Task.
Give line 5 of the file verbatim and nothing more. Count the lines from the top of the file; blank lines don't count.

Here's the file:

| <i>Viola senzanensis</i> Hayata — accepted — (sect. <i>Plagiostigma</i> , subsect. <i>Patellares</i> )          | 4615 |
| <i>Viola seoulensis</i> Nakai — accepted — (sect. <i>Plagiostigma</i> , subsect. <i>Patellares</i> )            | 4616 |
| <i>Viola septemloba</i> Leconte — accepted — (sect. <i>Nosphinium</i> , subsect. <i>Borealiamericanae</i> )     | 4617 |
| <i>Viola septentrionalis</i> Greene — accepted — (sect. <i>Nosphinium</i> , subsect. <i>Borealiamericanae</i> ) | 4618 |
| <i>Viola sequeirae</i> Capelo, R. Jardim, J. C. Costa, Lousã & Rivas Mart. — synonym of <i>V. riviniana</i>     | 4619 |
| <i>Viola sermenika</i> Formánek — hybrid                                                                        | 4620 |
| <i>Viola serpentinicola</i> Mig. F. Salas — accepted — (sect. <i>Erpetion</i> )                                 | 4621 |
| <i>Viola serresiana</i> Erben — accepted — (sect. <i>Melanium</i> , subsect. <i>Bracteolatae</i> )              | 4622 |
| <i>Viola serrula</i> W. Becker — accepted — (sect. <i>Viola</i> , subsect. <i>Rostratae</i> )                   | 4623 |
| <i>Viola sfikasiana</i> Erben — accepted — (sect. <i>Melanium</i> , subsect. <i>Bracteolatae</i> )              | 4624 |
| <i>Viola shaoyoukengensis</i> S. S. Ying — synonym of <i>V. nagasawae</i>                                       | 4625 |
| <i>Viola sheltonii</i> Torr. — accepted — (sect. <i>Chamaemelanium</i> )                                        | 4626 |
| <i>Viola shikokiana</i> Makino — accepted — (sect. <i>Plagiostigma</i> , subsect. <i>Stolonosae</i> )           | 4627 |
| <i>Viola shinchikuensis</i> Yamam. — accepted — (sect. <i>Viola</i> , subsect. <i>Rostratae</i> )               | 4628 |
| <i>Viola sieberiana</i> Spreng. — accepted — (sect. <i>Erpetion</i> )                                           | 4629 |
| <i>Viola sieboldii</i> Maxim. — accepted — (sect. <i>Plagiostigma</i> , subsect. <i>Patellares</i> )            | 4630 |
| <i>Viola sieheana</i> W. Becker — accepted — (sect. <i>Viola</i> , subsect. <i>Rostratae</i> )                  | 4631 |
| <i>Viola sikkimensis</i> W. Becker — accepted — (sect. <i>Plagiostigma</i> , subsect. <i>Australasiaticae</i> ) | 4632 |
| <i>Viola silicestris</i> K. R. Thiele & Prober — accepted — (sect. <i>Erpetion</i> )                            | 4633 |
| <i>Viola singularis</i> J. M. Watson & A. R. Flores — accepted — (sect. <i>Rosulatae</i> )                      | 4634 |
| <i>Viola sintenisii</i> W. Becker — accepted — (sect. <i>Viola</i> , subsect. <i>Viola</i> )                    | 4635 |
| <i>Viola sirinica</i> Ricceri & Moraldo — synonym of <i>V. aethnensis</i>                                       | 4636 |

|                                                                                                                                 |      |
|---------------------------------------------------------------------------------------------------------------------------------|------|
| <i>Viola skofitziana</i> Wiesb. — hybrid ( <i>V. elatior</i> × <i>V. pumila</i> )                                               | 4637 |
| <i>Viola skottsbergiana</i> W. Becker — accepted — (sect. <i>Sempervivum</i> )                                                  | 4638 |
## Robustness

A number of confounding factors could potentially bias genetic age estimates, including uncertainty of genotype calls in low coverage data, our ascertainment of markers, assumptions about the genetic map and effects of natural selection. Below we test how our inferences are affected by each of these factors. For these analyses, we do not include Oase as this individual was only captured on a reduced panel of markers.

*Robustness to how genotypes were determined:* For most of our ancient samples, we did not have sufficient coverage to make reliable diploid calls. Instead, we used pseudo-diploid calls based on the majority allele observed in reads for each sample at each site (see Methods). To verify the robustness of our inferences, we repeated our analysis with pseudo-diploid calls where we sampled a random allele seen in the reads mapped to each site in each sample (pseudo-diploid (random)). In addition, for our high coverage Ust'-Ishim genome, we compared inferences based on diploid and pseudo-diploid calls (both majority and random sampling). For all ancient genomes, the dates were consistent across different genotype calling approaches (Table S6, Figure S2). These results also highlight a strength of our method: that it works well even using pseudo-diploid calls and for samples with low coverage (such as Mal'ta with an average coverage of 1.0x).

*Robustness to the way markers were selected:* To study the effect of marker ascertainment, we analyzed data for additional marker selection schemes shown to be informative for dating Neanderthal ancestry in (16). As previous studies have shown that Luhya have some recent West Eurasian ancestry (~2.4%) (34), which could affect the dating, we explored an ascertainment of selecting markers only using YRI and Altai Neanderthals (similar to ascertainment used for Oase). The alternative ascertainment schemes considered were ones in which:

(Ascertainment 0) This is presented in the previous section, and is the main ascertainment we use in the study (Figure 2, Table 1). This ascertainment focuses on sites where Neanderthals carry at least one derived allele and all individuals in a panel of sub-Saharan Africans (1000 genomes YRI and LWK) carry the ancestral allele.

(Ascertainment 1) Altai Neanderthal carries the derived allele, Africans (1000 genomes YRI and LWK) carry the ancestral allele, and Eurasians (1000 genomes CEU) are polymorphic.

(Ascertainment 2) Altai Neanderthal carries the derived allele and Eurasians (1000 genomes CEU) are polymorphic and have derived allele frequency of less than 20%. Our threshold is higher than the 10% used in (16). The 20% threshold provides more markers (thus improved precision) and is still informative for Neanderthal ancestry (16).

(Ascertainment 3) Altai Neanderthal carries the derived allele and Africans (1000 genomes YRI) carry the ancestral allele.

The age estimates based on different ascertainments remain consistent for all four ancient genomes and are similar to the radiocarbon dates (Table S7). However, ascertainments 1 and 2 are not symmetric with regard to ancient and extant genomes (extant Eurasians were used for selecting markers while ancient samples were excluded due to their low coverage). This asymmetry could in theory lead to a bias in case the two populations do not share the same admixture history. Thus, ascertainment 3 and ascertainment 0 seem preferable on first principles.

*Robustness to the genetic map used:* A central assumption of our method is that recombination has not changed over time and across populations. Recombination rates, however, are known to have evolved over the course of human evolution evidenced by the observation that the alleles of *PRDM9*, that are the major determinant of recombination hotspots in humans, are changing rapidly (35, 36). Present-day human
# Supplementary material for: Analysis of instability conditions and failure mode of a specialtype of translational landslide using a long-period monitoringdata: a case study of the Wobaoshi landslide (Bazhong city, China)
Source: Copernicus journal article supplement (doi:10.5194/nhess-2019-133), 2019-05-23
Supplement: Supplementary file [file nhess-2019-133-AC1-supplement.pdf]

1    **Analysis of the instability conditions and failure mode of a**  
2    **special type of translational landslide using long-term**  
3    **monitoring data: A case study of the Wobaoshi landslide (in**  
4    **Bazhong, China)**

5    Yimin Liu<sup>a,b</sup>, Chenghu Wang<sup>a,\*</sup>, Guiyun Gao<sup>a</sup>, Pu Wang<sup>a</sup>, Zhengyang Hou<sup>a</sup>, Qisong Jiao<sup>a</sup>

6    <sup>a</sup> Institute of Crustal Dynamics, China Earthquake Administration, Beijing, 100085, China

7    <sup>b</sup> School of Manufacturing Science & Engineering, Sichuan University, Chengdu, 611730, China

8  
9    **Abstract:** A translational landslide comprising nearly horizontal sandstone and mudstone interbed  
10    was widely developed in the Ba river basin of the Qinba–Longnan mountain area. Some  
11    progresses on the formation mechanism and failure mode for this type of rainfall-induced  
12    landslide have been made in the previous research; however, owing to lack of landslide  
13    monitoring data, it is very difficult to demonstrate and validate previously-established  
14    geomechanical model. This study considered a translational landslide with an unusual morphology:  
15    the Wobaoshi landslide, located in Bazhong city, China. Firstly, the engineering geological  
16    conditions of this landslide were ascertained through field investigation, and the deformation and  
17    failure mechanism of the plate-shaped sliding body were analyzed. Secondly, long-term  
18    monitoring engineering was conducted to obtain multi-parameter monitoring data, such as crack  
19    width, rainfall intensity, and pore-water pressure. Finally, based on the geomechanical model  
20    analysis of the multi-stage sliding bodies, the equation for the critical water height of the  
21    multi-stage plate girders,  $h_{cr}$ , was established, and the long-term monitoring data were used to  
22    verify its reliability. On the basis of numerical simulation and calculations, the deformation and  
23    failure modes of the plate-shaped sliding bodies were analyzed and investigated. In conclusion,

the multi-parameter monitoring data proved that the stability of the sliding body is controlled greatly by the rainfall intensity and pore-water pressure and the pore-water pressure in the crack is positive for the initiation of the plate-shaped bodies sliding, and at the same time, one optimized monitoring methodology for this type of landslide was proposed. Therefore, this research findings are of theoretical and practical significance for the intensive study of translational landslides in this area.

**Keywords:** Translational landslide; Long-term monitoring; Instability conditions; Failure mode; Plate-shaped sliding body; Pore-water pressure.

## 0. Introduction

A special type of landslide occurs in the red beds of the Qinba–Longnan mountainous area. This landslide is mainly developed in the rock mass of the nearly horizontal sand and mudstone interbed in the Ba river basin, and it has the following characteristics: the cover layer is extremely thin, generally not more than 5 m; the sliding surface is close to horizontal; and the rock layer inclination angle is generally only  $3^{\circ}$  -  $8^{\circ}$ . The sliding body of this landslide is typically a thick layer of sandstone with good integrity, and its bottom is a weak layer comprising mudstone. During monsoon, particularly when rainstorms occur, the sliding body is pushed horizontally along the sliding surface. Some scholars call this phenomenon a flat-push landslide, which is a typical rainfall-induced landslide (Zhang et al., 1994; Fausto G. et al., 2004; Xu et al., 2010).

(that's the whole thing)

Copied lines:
| <i>Viola sequeirae</i> Capelo, R. Jardim, J. C. Costa, Lousã & Rivas Mart. — synonym of <i>V. riviniana</i>     | 4619 |